That is as much of the story as we will tell. But hold that story with the one of Jesus side by side with the wild man in the water, being initiated into the wild man movement.

As we think about that gathering in the water with wild man, going into the depths and sharing secrets, becoming transparent, the question is:

Where are the waters of your transparency? Where is the community, the sacred space, where secrets can be shared? That place is the place of our initiation, that is our initiating community. Where or what is that for you?

We've been working with the beatitudes and they are a progression: the first, blessed are those who possess nothing, are attached to nothing, are at a loss. This leads to the second: blessed are those who grieve.

The third beatitude follows from that. When we are "in loss" or at a loss, and then we grieve, weep, we have a choice of responses. We can become angry and violent, or we can become open and nonviolent. Instead of becoming clutch fisted, we can become open handed. We can move out of poverty, through and into grief, and into a depth of gentleness and nonviolence.

There is a lovely poem that describes this, by a woman who was a strong influence on Rumi, though she lived several hundred years before he did. Her name is Rabia. She was sold into slavery as a young girl and was forced into a life of prostitution. At the age of 50 she was freed and became a holy woman that many came to. Her poem is:

It acts like love — music,
it reaches toward the face; touches it,
and tries to let you know His promise,
that all will be okay.

It acts like love — music,
and tells the feet;
"You do not have to be so burdened."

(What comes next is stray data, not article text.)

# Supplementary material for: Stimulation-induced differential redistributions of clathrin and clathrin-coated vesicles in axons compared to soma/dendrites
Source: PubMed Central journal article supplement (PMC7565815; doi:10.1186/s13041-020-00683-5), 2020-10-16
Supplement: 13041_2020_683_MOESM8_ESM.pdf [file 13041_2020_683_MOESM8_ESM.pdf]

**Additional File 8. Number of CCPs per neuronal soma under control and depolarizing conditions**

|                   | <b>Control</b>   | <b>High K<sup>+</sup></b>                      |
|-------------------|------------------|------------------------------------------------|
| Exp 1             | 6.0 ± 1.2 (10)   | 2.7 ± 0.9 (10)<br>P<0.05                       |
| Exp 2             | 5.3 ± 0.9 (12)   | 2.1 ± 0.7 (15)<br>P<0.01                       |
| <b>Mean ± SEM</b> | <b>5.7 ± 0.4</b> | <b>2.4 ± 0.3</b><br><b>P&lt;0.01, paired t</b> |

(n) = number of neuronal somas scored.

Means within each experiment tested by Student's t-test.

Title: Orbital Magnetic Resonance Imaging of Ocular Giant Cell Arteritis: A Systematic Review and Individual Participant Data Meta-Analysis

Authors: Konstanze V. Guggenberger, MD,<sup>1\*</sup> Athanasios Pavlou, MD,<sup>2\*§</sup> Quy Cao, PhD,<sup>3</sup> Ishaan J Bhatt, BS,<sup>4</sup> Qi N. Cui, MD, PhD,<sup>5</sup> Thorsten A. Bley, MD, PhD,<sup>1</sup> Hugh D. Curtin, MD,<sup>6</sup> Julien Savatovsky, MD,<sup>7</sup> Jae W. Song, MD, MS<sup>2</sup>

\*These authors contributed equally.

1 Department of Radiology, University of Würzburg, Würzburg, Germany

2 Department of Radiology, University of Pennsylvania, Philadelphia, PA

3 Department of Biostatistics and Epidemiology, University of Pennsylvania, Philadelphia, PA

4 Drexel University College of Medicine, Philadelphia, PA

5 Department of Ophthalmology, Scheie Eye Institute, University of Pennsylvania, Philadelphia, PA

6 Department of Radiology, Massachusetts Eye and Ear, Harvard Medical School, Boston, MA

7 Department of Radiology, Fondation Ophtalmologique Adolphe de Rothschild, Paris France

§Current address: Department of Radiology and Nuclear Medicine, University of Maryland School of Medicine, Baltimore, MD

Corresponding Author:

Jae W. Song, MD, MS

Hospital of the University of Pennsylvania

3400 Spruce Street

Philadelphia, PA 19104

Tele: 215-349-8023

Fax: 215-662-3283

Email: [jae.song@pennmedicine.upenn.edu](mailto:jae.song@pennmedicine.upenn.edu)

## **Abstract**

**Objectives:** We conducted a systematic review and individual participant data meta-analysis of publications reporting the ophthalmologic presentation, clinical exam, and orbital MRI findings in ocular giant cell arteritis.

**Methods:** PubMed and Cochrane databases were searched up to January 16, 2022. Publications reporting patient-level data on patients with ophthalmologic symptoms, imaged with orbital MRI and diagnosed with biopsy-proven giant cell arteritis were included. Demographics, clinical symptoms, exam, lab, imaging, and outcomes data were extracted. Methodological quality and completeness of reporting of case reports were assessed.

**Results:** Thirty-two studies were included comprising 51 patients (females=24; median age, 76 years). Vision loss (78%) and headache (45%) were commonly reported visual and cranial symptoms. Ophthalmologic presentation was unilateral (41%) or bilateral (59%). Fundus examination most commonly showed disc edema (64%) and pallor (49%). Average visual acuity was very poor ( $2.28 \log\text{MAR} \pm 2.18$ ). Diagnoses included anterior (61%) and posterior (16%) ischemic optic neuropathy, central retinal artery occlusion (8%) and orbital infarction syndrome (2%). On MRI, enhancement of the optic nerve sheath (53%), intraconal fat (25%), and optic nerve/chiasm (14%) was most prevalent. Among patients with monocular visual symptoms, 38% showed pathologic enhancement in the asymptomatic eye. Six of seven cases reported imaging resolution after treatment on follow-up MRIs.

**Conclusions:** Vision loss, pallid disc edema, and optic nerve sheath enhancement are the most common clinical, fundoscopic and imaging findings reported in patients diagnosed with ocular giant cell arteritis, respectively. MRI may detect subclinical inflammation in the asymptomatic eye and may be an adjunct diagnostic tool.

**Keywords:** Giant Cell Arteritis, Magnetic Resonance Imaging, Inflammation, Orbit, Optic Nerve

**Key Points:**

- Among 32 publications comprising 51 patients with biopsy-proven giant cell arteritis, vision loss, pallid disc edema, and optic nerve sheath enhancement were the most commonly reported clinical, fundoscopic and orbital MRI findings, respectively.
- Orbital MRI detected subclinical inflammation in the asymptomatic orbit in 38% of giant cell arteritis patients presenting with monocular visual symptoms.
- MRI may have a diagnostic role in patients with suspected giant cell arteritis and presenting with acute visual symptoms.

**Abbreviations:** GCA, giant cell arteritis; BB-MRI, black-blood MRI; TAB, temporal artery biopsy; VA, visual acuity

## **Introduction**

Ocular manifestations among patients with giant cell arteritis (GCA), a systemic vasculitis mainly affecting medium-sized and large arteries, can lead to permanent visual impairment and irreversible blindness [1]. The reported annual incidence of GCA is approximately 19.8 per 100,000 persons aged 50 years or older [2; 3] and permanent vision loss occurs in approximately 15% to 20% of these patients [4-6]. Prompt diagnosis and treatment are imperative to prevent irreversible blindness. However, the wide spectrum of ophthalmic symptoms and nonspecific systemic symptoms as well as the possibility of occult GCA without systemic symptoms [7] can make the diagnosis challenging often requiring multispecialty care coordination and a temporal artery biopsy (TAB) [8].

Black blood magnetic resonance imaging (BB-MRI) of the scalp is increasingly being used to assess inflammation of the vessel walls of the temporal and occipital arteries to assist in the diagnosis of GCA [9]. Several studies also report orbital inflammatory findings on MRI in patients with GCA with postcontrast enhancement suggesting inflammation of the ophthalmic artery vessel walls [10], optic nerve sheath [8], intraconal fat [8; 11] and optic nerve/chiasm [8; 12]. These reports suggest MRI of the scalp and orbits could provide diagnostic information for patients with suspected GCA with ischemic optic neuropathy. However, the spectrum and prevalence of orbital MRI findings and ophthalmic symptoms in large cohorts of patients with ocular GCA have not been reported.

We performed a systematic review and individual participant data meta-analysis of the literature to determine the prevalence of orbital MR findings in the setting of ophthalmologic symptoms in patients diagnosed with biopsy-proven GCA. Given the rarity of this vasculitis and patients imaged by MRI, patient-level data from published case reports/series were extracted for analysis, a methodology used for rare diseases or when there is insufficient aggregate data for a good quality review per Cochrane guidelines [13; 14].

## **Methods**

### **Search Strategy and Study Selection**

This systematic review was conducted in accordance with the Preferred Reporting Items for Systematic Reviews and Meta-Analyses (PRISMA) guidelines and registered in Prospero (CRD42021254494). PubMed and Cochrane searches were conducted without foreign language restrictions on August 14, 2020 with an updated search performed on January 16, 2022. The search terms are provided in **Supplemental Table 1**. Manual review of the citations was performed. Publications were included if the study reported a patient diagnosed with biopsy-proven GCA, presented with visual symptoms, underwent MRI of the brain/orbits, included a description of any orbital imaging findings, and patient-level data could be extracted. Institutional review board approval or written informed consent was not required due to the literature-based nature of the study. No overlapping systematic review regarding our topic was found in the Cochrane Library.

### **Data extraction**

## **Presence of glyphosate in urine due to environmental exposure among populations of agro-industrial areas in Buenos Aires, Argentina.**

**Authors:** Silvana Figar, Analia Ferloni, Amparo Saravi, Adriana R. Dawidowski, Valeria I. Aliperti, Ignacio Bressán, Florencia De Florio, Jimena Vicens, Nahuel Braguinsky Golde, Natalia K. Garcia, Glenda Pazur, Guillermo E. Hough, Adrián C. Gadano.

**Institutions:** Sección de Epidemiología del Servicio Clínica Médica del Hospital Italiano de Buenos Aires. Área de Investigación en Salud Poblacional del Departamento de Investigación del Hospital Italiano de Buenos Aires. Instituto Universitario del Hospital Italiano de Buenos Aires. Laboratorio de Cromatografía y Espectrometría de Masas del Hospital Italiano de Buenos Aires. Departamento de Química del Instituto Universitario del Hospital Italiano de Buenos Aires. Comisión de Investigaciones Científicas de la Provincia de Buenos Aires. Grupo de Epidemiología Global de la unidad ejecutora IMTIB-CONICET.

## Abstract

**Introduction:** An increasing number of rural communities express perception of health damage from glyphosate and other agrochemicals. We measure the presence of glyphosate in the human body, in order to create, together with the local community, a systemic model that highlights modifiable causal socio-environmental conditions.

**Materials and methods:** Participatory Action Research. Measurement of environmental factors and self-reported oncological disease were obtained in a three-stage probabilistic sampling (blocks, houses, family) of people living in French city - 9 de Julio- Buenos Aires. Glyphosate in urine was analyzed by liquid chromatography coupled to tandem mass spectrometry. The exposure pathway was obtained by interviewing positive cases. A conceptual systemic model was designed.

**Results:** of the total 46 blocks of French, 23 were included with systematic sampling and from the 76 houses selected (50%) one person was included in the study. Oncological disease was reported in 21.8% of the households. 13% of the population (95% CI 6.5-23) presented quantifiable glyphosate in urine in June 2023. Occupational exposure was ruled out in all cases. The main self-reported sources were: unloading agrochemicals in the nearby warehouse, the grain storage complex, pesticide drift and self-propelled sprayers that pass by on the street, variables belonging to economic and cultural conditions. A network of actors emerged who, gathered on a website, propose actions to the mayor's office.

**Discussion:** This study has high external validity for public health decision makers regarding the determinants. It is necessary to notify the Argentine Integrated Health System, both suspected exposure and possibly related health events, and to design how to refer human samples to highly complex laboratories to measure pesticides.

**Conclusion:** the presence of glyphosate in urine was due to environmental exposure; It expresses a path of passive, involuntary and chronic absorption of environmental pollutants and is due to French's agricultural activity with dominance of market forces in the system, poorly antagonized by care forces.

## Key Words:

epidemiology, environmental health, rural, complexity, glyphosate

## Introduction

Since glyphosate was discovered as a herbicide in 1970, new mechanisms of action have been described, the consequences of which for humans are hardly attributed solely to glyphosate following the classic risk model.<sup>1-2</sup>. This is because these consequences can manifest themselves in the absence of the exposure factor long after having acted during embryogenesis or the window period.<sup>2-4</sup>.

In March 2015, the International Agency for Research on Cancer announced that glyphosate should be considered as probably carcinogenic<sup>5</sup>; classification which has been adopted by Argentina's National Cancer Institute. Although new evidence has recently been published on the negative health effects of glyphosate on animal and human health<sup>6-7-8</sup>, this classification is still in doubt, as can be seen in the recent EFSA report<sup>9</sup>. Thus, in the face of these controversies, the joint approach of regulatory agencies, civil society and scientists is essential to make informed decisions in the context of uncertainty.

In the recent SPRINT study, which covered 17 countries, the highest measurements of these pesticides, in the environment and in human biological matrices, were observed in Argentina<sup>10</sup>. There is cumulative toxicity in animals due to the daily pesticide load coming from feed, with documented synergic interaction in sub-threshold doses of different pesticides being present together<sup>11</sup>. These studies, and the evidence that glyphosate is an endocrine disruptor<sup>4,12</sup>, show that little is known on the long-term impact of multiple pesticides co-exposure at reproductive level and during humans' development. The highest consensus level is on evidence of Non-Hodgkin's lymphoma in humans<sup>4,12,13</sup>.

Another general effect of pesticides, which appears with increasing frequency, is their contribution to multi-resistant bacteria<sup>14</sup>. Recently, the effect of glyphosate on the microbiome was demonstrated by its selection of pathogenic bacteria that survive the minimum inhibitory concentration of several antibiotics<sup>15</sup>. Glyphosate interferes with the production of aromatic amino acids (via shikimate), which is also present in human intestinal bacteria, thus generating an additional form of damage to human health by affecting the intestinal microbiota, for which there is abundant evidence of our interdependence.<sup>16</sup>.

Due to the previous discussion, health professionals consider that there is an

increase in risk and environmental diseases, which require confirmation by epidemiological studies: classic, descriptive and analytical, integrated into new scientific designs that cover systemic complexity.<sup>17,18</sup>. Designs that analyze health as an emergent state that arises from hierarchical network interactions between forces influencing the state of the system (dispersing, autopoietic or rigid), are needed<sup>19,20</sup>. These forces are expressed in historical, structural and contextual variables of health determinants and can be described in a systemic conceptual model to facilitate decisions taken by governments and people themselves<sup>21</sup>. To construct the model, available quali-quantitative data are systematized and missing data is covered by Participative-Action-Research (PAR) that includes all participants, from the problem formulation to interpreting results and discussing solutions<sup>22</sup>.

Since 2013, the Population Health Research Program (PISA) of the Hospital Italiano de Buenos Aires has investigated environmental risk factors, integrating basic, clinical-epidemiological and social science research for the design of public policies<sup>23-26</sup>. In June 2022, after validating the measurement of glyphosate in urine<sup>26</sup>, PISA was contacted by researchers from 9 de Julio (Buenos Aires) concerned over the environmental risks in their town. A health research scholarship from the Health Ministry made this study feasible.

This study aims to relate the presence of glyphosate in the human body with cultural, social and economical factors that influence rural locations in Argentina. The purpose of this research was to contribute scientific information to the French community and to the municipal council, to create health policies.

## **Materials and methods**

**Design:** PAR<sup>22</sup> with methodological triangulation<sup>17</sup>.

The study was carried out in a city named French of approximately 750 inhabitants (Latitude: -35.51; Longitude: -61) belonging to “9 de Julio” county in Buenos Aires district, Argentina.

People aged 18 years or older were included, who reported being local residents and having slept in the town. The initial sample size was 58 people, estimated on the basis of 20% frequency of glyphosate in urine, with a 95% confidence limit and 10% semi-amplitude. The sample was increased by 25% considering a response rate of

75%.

My body is covered with wounds this world made,
but I still longed to kiss Him, even when God said,
"Could you also kiss the hand that caused each scar,
for you will not find me until you do."

It does that — music.
It helps us to forgive.
When my pain became the cause of my cure,
My contempt changed into reverence
and my doubt into certainty.

I see that I have been the bale on my own path.
Now my body has become my heart.
My heart has become my soul.
And my spirit the eternal spirit.

Rabia of Basra (717-801)

Rabia poem sung on YouTube:
Listen to song: Cead Mile Failte: A Hundred Thousand Welcomes
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To review our days:

Day 1: weaving three sources, poem The Fountain by Denise Levertov, and the story of Jesus and the woman at the well, and the first beatitude. Question: what is my poverty and how can that be blessed?

Day 2: poem, The Swan by Rilke, the story of Mary and Jesus at the tomb, and the second beatitude, grief. Question: how do we hear the voice of call, and how do we distinguish it from the many voices that give bad advice.

Notice that Mary hears the call in this story through her tears. She sees in her tears what the next step is and she is able to hear the voice that calls her Beloved. Notice that she remains, waiting, while the others leave; and when she receives her call, it is not in the way she expects. When Jesus comes, he draws out the moment, and even plays with it a bit, asking "why do you weep" and "whom do you seek" even though he knows the answer. He asks Mary to be present to the moment, not to hold onto the past. He is not the same Jesus who died. He is here, transformed and alive. She should not cling to the old, but let go, and let go of false or old impressions or ideas that were true or that worked in the past, but do not work now.